Trusting and attuned attachment relationships are foundational to healthy child development. Trust is something we learn or don't learn via our experiences in the world.
Trust is also foundational to a healthy and thriving workplace. And high trust work climates don't happen by accident.
Steven Covey Jr. in his book The Speed of Trust, put it quite simply:
When there is high trust, there is low cost. When there is low trust there is high cost.
The costs of failing to do this are great. Teams that lack trust waste inordinate amounts of time and energy managing their behaviors and interactions within the group. They tend to dread team meetings, and are reluctant to take risks in asking for or offering assistance to others. As a result, morale on distrusting teams is usually quite low, and unwanted turnover is high. (Patrick Lencioni, Five Dysfunctions of a Team)
Whether you are an Executive Director of a non-profit or a CEO of a company, considerations of costs are high on your list of concerns. Often leaders look only at the straight numbers and miss the systems perspective. And really, it’s the long term dynamics that have the greatest impact. Investing in building trust pays off.
First what do we mean by Trust.
And second how do we starting building it.
Lencioni's take on trust:
Trust lies at the heart of a functioning, cohesive team . Without it, teamwork is all but impossible. ….In the context of building a team, trust is the confidence among team members that their peers’ intentions are good , and that there is no reason to be protective or careful around the group. In essence, teammates must get comfortable with being vulnerable with one another. ….It requires team members to make themselves vulnerable to one another, and be confident that their respective vulnerabilities will not be used against them . The vulnerabilities I’m referring to include weaknesses, skill deficiencies, interpersonal shortcomings, mistakes, and requests for help.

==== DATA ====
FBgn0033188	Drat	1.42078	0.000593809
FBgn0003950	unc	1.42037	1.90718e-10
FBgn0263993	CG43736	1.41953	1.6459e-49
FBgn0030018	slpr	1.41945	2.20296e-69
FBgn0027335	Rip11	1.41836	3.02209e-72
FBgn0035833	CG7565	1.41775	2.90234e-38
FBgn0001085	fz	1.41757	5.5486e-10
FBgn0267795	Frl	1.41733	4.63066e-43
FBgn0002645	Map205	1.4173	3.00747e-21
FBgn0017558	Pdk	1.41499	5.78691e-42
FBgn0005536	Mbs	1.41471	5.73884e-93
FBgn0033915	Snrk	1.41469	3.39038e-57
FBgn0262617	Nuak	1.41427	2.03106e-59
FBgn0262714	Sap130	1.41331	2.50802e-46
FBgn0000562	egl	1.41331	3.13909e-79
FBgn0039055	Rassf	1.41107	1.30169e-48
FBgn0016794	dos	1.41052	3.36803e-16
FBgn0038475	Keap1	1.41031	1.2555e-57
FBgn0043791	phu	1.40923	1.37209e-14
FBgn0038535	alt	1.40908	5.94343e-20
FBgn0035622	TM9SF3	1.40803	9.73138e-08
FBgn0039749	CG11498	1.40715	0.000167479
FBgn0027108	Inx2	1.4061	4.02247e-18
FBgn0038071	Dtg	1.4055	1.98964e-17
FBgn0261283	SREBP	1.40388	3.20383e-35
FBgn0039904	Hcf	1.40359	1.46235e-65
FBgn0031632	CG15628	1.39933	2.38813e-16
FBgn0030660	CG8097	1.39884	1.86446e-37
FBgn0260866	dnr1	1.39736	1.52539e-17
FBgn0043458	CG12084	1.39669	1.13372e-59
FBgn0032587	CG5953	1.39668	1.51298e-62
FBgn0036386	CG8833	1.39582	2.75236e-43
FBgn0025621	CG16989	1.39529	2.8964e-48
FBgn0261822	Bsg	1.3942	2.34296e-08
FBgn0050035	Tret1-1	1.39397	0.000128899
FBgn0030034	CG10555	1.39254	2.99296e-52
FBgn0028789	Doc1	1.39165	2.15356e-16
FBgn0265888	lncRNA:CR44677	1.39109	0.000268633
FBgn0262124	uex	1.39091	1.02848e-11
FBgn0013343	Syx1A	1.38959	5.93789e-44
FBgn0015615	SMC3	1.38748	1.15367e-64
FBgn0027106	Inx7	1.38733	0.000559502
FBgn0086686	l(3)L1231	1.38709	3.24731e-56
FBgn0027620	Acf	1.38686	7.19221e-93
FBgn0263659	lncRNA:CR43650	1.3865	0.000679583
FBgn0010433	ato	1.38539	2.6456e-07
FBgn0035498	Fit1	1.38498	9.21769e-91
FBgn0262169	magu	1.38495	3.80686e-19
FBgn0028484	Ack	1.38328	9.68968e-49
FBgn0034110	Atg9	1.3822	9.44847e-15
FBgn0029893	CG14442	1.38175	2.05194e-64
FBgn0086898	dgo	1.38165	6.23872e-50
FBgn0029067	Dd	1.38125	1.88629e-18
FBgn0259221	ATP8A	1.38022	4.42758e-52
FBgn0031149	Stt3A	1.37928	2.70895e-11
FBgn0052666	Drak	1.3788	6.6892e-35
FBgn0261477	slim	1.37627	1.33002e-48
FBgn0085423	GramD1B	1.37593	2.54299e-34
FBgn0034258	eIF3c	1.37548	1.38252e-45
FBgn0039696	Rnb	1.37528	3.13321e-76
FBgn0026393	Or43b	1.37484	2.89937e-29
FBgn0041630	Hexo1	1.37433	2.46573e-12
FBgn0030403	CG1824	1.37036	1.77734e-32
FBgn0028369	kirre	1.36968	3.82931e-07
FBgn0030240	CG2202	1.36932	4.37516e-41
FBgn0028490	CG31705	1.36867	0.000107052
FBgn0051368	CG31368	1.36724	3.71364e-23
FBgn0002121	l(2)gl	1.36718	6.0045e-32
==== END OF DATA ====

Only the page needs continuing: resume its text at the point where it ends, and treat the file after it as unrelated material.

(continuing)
As ‘soft’ as all of this might sound, it is only when team members are truly comfortable being exposed to one another that they begin to act without concern for protecting themselves . As a result, they can focus their energy and attention completely on the job at hand, rather than on being strategically disingenuous or political with one another.
Achieving vulnerability-based trust is difficult because in the course of career advancement and education, most successful people learn to be competitive with their peers, and protective of their reputations. It is a challenge for them to turn those instincts off for the good of a team, but that is exactly what is required. 
So how do we begin building trust? Lencioni admits it's difficult and foundational, but the purview of his book doesn't get to the deeper dynamics of how we can cultivate trust. Yes, it's vulnerability-based, but how do we come to learn that it's safe to be vulnerable?
I was talking earlier this week with my friend Alan Muia who is an expert on addiction and recovery and is Executive Director of New Earth Recovery.
Our limbic brain, he said, needs new experiences in order to be rewired.
Yes! We certainly can’t just go through a Power Point together on trust and say, “Oh, now I get it!’’
A couple of years ago, I discovered the work of Bessel van der Kolk who has worked for decades with veterans and survivors of abuse.
“[We need to provide space for] experiences that deeply and viscerally contradict the helplessness, rage, or collapse that result from trauma. (my bold)” - Bessel Van Der Kolk, author of The Body Keeps the Score
Whether or not we have experienced traumatic experiences, most if not all of us have experienced stressful relational patterns at work.
I believe that in the same way that trauma survivors need to have experiences that viscerally contradict the trauma, our workplace teams need to enact new patterns of being together that will build a visceral experience of trust and cohesion.
This is why workshops using applied improvisation are so potent. They provide a safe container to gain these new experiences. Once we have a visceral experience of the vulnerability of trying something new and being supported, our visceral memory of trust is strengthened. AND we gain a visceral experience of joy, connection, collaboration with our work team. This is key foundational work to being able to trust each other as a team.
Without experiencing the vulnerability-support matrix that builds trust within a safe container, how do we expect to experience it within the larger more complex world of our workplaces?
 Lencioni, Patrick, Five Dysfunctions of a Team (bold added)